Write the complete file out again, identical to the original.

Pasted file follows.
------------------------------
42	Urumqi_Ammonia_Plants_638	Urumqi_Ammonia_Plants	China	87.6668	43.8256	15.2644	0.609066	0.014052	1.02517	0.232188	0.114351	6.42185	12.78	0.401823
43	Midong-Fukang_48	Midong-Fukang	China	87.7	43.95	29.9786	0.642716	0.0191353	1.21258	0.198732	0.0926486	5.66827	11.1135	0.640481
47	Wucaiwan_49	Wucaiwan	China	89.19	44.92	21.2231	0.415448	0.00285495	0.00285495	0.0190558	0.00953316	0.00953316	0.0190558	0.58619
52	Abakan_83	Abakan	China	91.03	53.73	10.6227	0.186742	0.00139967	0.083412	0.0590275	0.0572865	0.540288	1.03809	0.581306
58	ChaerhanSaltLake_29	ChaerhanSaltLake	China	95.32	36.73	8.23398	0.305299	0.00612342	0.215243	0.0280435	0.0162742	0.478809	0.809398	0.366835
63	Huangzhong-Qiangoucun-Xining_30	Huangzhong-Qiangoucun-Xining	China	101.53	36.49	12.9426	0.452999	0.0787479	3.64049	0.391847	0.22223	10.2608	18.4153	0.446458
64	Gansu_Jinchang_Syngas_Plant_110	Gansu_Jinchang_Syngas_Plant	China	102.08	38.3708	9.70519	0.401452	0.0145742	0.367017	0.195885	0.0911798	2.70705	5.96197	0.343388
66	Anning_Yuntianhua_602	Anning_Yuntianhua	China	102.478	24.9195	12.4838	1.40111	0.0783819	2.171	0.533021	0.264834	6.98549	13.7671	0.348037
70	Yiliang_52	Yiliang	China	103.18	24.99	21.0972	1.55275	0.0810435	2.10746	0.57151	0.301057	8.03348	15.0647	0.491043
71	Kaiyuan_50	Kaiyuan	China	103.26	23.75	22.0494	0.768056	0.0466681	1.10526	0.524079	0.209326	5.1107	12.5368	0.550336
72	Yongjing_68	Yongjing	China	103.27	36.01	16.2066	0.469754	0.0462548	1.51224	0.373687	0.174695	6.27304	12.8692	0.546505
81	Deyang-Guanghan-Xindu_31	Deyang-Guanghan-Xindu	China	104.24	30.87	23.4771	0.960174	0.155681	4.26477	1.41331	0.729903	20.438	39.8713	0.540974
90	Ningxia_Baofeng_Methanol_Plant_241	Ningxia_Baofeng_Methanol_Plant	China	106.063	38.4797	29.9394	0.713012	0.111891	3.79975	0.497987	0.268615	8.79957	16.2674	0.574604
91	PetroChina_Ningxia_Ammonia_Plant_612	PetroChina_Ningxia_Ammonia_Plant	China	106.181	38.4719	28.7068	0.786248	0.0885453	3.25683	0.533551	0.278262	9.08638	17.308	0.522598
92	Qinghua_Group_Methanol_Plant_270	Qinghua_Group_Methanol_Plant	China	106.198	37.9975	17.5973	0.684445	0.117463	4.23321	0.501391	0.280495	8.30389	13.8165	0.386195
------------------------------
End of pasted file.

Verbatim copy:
42	Urumqi_Ammonia_Plants_638	Urumqi_Ammonia_Plants	China	87.6668	43.8256	15.2644	0.609066	0.014052	1.02517	0.232188	0.114351	6.42185	12.78	0.401823
43	Midong-Fukang_48	Midong-Fukang	China	87.7	43.95	29.9786	0.642716	0.0191353	1.21258	0.198732	0.0926486	5.66827	11.1135	0.640481
47	Wucaiwan_49	Wucaiwan	China	89.19	44.92	21.2231	0.415448	0.00285495	0.00285495	0.0190558	0.00953316	0.00953316	0.0190558	0.58619
52	Abakan_83	Abakan	China	91.03	53.73	10.6227	0.186742	0.00139967	0.083412	0.0590275	0.0572865	0.540288	1.03809	0.581306
58	ChaerhanSaltLake_29	ChaerhanSaltLake	China	95.32	36.73	8.23398	0.305299	0.00612342	0.215243	0.0280435	0.0162742	0.478809	0.809398	0.366835
63	Huangzhong-Qiangoucun-Xining_30	Huangzhong-Qiangoucun-Xining	China	101.53	36.49	12.9426	0.452999	0.0787479	3.64049	0.391847	0.22223	10.2608	18.4153	0.446458
64	Gansu_Jinchang_Syngas_Plant_110	Gansu_Jinchang_Syngas_Plant	China	102.08	38.3708	9.70519	0.401452	0.0145742	0.367017	0.195885	0.0911798	2.70705	5.96197	0.343388
66	Anning_Yuntianhua_602	Anning_Yuntianhua	China	102.478	24.9195	12.4838	1.40111	0.0783819	2.171	0.533021	0.264834	6.98549	13.7671	0.348037
70	Yiliang_52	Yiliang	China	103.18	24.99	21.0972	1.55275	0.0810435	2.10746	0.57151	0.301057	8.03348	15.0647	0.491043
71	Kaiyuan_50	Kaiyuan	China	103.26	23.75	22.0494	0.768056	0.0466681	1.10526	0.524079	0.209326	5.1107	12.5368	0.550336
72	Yongjing_68	Yongjing	China	103.27	36.01	16.2066	0.469754	0.0462548	1.51224	0.373687	0.174695	6.27304	12.8692	0.546505
81	Deyang-Guanghan-Xindu_31	Deyang-Guanghan-Xindu	China	104.24	30.87	23.4771	0.960174	0.155681	4.26477	1.41331	0.729903	20.438	39.8713	0.540974
90	Ningxia_Baofeng_Methanol_Plant_241	Ningxia_Baofeng_Methanol_Plant	China	106.063	38.4797	29.9394	0.713012	0.111891	3.79975	0.497987	0.268615	8.79957	16.2674	0.574604
91	PetroChina_Ningxia_Ammonia_Plant_612	PetroChina_Ningxia_Ammonia_Plant	China	106.181	38.4719	28.7068	0.786248	0.0885453	3.25683	0.533551	0.278262	9.08638	17.308	0.522598
92	Qinghua_Group_Methanol_Plant_270	Qinghua_Group_Methanol_Plant	China	106.198	37.9975	17.5973	0.684445	0.117463	4.23321	0.501391	0.280495	8.30389	13.8165	0.386195